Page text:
Academic journal article Public Personnel Management

Executive Coaching as a Transfer of Training Tool: Effects on Productivity in a Public Agency

Academic journal article Public Personnel Management

Executive Coaching as a Transfer of Training Tool: Effects on Productivity in a Public Agency

Article excerpt

Numerous factors have been identified that influence the extent to which knowledge acquired during classroom training transfers to the job (e.g., the work environment; the personality of the trainee).(1) There is considerable evidence that a critical factor influencing transfer of training is the extent to which the trainee receives the opportunity for practice and constructive feedback.(2) One-on-one executive coaching can provide this opportunity. Coaching trainees once they return to the job can facilitate the transfer of training, especially if the coaching fosters the development and use of knowledge imparted during training. Through coaching, trainees have a safe, personalized environment in which practice and feedback can take place.

In recent years, there has been particularly rapid growth in the use of one-on-one executive coaching.(3) Among the organizations adopting this practice are: American Express, the American Management Association, AT&T, Citibank, Colgate, Levi Strauss, Northern Telecom, NYNEX Corporation, and Procter & Gamble.(4) Yet, the use and efficacy of one-on-one executive coaching has not, to date, been reported in a public sector municipal agency. To our knowledge, the present action research is the first such intervention.

Various methods of executive coaching have been employed; some programs, grounded in a psychodynamic perspective, aim to ameliorate personal problems; others are more directive, using, for example, goal-setting, feedback, and collaborative problem-solving.(5) The present intervention entailed the latter approach, emphasizing: (1) goal-setting, (2) collaborative problem solving, (3) practice (4) feedback, (5) supervisory involvement, (6) evaluation of end-results, and (7) public presentation.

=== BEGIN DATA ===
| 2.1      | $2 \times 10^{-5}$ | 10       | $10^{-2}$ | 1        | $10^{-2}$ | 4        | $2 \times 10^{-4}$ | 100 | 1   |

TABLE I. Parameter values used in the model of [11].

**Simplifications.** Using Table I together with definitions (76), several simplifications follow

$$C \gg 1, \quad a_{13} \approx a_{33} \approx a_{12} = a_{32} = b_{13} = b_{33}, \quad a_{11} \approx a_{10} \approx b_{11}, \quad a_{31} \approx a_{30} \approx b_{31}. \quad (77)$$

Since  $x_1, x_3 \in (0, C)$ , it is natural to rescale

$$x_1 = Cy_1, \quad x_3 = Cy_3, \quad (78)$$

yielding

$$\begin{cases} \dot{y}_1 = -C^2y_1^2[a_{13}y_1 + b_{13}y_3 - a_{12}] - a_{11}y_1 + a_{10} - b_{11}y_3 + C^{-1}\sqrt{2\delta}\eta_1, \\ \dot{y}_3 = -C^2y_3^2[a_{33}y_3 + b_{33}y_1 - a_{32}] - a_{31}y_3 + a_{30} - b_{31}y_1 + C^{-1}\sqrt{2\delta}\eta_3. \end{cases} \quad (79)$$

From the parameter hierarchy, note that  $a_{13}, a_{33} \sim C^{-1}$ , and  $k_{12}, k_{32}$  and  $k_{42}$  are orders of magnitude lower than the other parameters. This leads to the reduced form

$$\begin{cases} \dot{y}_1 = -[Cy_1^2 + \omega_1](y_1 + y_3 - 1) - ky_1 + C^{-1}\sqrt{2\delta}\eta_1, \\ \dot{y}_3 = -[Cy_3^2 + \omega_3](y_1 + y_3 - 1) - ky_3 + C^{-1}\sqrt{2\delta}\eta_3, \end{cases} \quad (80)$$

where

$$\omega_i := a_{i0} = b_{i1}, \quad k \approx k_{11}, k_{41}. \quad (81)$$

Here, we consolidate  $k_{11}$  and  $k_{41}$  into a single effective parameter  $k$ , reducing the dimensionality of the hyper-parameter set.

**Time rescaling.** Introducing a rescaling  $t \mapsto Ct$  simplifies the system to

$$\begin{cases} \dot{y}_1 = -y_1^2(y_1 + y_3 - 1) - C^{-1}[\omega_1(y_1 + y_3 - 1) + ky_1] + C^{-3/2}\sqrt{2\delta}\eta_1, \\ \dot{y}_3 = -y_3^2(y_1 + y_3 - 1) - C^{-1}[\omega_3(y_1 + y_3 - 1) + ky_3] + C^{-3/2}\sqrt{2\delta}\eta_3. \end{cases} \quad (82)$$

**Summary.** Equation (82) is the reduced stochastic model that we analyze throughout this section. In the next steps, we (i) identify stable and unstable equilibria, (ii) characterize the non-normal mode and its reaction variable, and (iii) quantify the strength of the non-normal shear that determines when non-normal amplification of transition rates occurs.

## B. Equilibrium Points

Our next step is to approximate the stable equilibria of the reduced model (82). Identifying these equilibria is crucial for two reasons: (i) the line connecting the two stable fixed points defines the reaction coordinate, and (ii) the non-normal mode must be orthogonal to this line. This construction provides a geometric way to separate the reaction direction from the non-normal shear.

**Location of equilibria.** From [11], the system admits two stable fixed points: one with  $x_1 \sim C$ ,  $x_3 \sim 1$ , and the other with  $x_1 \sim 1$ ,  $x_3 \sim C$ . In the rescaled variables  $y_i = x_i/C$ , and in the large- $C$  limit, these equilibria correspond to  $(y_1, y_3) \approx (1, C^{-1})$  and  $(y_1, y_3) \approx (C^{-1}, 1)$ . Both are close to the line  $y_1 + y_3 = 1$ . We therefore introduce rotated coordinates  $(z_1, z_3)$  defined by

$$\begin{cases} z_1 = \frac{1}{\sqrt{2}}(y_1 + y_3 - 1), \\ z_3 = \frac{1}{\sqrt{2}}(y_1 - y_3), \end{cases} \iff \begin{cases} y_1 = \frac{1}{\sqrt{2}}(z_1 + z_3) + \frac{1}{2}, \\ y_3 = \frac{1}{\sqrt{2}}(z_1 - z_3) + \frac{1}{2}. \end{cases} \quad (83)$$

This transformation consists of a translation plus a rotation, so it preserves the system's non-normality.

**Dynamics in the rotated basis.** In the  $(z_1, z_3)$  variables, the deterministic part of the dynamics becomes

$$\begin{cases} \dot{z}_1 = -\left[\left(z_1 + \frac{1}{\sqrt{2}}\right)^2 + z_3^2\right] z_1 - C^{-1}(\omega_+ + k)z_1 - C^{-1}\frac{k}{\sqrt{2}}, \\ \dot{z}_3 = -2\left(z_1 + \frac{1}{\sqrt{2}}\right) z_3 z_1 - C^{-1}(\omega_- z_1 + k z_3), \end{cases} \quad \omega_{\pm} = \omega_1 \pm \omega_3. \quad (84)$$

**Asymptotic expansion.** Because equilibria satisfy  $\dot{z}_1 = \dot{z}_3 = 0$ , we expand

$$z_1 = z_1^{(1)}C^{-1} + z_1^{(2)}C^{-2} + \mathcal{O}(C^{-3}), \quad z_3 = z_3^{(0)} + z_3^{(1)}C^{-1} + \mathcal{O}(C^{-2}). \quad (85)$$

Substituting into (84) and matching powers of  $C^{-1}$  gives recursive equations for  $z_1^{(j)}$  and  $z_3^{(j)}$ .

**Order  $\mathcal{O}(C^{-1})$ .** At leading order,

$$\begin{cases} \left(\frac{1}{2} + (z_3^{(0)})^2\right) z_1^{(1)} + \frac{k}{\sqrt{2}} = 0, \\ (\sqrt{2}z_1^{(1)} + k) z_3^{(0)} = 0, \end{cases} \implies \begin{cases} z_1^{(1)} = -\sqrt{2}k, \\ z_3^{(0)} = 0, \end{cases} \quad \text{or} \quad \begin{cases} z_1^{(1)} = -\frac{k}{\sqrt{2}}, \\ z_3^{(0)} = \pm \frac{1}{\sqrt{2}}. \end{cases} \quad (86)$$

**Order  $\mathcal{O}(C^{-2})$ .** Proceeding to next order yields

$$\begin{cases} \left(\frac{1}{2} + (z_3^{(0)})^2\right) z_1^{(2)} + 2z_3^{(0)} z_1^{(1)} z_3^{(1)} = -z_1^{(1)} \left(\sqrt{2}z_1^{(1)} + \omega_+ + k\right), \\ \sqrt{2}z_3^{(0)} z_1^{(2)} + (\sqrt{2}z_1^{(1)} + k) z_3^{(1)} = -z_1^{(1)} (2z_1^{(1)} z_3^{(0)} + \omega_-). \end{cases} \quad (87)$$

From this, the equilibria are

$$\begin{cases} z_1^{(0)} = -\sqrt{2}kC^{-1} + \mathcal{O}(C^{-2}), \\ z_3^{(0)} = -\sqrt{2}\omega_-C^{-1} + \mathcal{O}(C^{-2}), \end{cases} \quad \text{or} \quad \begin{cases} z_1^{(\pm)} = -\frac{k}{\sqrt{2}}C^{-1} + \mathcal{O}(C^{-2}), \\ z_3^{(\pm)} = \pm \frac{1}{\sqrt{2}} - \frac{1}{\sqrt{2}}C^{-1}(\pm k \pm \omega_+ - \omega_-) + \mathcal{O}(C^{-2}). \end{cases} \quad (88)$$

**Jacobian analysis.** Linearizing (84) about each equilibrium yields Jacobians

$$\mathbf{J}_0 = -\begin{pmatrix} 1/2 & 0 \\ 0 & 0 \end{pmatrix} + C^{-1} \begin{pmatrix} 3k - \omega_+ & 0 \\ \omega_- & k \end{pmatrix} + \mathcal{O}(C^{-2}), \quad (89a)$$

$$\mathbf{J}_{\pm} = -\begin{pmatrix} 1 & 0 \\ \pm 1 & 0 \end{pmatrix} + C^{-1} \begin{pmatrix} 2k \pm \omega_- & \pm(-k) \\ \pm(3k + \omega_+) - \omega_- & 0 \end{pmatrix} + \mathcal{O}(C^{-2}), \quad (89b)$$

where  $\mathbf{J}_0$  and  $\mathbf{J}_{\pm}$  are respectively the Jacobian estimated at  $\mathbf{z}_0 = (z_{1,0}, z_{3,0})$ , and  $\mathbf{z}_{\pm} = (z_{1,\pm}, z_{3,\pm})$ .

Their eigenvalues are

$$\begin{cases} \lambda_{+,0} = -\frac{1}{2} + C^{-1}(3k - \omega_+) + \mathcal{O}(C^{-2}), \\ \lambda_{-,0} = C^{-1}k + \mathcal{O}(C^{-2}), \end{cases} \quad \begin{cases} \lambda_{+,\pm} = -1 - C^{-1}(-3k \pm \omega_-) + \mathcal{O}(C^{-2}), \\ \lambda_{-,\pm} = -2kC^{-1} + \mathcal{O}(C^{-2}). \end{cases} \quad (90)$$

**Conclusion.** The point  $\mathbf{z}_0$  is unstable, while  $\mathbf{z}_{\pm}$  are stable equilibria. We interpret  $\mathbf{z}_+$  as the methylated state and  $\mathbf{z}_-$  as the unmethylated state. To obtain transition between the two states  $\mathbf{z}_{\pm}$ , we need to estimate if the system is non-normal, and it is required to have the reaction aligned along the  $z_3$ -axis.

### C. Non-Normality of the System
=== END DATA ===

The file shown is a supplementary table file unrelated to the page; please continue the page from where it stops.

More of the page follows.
Through one-on-one executive coaching, managers were given the opportunity to practice and obtain constructive feedback regarding the subject matter they had "learned about" during training. Each coach met individually, on a weekly basis, with one or more managers. Managers received coaching on topics such as personal issues, project planning, implementation of changes, and the probable short- and long-term impacts of their actions on their personal performance and on the performance of their units. Naturally, all feedback was constructive in nature, and included suggested modifications in behavior where appropriate.

The seventh component of coaching, public presentation, was a central facet of the present intervention. The managers who were coached were notified at the outset that they would be required to make an oral presentation of their results, accompanied by a written report, to a group composed of their peers, supervisors, and (importantly) top-level executives - including the agency commissioner



Thirty-one participants (top-level managers, mid-level managers, and supervisors at a health agency in a major Northeastern city) participated in this action research. All participants volunteered to participate in both phases of this endeavor Phase One consisted of classroom training, Phase Two entailed one-on-one executive coaching.

During Phase One, the senior author served as the classroom instructor, and the 31 participants were called "trainees." During Phase Two, the senior author served as consultant to eight managers. The consultant taught these eight managers how to be one-on-one executive coaches. The project for these managers (coaches) was to coach the 23 remaining participants (coachees) during Phase Two.

Procedure: Phase One

The 31 trainees acquired knowledge of managerial competencies(6) during classroom-style, three-day, interactive, training workshops, conducted by the external consultant. The workshop content provided an overview of the most important roles managers and supervisors needed to enact to increase productivity, quality, and effectiveness within the agency. Trainees learned to identify the roles they had been enacting, new roles they should consider enacting, and when various roles were appropriate. …

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